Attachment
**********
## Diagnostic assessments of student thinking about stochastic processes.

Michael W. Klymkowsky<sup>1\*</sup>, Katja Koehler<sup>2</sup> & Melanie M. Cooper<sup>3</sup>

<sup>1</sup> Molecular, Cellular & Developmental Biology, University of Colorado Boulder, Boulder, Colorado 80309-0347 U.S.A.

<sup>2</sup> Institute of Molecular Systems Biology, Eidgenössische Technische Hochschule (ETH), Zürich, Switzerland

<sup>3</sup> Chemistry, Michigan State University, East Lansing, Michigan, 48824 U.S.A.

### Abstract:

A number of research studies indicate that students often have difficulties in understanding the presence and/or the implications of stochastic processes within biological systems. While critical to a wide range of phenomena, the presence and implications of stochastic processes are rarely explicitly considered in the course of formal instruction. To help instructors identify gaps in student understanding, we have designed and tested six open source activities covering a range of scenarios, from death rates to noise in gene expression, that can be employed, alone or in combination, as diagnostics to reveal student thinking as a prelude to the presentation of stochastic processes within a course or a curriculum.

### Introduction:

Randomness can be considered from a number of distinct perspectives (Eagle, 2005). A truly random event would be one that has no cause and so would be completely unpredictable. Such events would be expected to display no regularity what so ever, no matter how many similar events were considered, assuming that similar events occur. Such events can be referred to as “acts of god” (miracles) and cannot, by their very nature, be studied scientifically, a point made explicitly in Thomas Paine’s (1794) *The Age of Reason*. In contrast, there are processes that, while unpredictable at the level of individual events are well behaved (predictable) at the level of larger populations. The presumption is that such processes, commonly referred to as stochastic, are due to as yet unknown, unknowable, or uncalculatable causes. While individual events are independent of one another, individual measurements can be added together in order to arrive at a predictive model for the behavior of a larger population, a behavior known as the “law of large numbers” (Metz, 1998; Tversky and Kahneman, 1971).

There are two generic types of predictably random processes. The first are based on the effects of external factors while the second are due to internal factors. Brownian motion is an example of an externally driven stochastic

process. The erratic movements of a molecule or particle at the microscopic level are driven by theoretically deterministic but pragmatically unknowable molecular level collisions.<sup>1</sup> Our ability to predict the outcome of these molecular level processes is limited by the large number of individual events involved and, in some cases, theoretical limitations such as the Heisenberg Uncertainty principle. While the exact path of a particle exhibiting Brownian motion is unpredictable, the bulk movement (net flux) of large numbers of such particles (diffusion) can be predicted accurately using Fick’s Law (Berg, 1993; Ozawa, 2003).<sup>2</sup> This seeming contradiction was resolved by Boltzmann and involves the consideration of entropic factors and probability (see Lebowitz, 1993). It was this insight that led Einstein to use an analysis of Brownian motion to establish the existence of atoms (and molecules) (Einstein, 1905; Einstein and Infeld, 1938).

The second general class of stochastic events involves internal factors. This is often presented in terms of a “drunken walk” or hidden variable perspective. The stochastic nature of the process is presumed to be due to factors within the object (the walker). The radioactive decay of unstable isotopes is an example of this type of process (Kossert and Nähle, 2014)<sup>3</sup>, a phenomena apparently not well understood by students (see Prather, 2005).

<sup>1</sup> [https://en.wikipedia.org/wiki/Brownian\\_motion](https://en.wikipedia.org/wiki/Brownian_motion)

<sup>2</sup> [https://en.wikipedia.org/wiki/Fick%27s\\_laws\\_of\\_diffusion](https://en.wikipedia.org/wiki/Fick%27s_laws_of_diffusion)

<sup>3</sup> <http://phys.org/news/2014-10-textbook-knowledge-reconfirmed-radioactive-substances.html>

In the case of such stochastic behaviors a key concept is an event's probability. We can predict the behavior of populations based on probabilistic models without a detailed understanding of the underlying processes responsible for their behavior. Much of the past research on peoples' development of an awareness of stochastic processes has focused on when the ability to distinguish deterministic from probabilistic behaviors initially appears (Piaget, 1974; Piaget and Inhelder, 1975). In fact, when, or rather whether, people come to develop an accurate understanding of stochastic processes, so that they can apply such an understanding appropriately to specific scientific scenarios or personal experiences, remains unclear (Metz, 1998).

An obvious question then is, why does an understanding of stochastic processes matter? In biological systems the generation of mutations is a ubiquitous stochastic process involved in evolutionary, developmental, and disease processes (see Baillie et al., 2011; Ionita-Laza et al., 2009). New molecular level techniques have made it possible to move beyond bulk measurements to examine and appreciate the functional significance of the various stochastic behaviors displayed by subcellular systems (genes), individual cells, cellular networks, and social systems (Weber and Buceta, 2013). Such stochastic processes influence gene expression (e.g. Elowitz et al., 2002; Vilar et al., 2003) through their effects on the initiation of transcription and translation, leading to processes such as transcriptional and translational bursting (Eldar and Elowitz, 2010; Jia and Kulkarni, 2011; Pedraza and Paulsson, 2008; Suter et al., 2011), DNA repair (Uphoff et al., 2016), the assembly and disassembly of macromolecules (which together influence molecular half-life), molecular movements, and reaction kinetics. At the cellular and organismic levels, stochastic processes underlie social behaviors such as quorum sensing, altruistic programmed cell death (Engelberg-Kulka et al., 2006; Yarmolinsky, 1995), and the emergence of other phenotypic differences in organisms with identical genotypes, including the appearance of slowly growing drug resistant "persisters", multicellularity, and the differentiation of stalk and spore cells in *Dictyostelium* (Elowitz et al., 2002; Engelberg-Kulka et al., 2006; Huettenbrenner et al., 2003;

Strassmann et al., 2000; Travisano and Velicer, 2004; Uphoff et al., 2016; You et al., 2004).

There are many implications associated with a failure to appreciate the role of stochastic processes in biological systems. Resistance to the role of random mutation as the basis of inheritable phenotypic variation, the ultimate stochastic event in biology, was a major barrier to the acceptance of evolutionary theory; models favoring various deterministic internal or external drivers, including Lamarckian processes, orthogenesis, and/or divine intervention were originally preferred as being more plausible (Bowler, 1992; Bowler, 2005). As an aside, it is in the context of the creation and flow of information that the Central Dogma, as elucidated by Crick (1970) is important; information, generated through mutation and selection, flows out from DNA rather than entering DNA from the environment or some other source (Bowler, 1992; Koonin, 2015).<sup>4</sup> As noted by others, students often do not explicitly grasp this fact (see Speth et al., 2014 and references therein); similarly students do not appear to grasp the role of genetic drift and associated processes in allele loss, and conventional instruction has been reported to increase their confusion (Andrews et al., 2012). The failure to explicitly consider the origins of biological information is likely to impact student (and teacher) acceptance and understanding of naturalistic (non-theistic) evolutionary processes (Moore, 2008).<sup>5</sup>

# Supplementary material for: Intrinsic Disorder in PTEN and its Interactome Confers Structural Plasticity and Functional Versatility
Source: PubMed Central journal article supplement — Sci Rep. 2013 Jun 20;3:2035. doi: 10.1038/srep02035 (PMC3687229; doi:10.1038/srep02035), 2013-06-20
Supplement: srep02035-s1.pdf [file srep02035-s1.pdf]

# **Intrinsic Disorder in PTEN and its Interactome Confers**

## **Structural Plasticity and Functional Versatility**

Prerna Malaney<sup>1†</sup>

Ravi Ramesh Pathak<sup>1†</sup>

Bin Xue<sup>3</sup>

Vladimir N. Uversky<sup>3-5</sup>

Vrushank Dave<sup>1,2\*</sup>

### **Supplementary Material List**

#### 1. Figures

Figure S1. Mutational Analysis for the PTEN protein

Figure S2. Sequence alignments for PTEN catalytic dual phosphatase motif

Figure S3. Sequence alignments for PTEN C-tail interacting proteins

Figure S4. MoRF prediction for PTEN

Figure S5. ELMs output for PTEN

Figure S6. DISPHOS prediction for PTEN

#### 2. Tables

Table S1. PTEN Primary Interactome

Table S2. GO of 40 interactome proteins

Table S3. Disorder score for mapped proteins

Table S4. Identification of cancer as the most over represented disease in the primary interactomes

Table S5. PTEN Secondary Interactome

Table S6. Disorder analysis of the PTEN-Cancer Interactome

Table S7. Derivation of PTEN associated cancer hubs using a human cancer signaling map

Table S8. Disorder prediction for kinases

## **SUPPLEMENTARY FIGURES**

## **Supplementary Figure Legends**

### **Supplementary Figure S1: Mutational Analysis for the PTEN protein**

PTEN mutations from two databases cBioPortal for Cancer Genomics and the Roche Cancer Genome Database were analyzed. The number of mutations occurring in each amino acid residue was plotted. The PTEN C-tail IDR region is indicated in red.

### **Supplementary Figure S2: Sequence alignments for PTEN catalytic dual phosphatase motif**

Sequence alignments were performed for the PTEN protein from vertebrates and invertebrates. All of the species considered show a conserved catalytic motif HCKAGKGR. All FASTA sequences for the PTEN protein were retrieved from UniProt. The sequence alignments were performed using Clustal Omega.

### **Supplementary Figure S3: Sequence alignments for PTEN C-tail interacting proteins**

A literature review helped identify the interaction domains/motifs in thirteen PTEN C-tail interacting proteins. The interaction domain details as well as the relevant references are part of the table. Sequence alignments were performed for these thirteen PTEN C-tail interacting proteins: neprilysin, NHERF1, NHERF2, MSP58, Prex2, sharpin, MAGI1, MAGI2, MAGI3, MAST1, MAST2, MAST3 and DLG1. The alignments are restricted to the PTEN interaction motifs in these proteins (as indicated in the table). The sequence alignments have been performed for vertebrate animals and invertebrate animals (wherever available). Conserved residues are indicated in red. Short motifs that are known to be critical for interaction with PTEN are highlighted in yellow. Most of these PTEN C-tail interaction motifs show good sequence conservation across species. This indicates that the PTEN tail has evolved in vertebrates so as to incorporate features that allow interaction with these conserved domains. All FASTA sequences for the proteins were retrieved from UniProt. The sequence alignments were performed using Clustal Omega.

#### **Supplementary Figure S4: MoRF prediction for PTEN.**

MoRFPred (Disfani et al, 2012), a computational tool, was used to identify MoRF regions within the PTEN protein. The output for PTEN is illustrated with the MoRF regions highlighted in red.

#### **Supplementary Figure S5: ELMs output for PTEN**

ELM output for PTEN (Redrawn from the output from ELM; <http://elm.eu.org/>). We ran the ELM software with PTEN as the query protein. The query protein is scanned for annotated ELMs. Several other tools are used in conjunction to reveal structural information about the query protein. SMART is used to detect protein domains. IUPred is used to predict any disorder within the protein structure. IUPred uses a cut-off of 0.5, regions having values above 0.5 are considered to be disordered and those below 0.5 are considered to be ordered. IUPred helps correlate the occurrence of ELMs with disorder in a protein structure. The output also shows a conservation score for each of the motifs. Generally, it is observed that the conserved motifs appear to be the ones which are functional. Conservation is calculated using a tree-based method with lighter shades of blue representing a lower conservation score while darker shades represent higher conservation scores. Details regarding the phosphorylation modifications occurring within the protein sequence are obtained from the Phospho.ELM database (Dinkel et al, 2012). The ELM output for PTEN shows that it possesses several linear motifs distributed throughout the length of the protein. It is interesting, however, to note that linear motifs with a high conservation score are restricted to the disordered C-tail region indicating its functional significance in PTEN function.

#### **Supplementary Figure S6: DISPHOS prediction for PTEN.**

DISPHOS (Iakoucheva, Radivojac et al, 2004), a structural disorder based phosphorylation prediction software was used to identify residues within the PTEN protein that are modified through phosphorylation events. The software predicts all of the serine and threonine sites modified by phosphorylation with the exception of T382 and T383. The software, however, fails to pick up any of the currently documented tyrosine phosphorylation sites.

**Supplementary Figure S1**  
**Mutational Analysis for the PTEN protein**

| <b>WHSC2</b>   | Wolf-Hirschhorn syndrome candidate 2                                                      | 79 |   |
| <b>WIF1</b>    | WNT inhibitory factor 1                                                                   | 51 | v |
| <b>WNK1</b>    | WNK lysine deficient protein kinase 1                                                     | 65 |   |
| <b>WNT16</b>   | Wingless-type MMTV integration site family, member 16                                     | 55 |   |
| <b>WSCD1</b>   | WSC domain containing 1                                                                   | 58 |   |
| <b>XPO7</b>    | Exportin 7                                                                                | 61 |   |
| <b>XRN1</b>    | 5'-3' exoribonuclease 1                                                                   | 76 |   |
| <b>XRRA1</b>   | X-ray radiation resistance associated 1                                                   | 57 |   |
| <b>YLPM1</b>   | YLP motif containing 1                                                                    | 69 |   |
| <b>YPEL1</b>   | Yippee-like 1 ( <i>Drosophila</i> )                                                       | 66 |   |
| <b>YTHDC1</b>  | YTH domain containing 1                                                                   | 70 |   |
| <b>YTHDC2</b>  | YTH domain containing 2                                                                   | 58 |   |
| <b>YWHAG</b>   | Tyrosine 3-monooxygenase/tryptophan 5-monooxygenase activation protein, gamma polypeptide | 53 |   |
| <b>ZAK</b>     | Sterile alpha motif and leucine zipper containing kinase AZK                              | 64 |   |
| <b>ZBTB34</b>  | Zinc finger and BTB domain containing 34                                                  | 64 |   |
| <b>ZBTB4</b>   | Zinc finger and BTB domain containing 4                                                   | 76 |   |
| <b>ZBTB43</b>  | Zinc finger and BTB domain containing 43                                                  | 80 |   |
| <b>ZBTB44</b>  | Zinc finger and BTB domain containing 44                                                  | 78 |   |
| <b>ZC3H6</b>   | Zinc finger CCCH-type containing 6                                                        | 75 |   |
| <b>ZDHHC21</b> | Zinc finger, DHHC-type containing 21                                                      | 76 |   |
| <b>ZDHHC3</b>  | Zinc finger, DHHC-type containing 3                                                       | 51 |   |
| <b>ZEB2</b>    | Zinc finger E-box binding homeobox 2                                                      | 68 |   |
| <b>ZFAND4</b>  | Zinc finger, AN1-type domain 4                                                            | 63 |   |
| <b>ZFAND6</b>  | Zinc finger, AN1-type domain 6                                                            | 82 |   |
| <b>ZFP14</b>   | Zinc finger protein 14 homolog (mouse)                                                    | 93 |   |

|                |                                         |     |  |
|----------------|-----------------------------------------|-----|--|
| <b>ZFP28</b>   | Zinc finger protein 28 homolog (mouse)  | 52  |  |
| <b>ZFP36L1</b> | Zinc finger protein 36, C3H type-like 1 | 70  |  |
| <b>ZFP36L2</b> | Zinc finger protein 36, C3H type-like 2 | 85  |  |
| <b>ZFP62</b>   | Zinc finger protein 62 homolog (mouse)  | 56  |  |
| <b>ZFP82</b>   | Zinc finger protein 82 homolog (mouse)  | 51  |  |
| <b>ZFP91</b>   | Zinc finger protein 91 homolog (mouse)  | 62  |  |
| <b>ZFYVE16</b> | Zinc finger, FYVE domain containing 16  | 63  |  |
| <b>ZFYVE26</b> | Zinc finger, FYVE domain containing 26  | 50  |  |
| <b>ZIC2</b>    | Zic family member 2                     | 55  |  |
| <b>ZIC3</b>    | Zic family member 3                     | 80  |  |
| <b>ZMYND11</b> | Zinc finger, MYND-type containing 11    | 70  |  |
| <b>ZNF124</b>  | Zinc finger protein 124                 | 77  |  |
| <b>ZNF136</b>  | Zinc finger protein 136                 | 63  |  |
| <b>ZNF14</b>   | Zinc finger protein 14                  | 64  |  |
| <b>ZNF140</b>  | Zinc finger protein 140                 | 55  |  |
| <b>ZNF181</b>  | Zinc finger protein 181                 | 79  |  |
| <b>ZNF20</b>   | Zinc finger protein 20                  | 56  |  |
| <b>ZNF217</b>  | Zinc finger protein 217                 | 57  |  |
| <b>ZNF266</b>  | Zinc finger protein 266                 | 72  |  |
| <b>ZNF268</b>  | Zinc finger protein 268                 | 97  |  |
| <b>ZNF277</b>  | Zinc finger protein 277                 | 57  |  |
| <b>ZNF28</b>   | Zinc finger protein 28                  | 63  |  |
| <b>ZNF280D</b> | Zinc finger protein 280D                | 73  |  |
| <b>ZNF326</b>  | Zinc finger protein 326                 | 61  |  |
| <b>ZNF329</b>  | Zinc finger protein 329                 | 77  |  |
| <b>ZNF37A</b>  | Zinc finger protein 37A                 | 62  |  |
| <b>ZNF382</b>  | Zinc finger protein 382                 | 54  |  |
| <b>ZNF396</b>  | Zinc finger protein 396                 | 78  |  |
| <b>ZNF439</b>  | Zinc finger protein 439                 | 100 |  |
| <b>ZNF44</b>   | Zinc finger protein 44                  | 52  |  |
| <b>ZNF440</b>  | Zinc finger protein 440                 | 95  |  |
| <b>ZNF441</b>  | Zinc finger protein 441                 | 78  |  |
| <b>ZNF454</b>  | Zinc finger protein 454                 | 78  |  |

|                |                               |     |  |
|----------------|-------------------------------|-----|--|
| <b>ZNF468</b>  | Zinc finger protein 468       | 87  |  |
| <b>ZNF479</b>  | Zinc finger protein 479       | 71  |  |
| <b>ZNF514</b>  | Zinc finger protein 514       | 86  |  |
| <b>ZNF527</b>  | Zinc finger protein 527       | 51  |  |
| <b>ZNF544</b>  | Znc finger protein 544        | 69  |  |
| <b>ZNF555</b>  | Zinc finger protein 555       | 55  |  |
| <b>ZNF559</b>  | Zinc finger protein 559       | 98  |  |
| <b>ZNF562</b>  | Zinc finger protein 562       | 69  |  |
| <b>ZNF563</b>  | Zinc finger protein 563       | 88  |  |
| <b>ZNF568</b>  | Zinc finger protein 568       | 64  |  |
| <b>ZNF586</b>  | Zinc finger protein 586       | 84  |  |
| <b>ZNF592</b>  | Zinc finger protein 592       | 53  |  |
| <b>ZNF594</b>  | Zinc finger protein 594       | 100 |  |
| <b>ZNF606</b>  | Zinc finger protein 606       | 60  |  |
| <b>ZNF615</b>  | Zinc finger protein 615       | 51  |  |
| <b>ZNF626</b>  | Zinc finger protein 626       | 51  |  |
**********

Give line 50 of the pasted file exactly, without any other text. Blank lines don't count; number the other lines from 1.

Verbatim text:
PTEN mutations from two databases cBioPortal for Cancer Genomics and the Roche Cancer Genome Database were analyzed. The number of mutations occurring in each amino acid residue was plotted. The PTEN C-tail IDR region is indicated in red.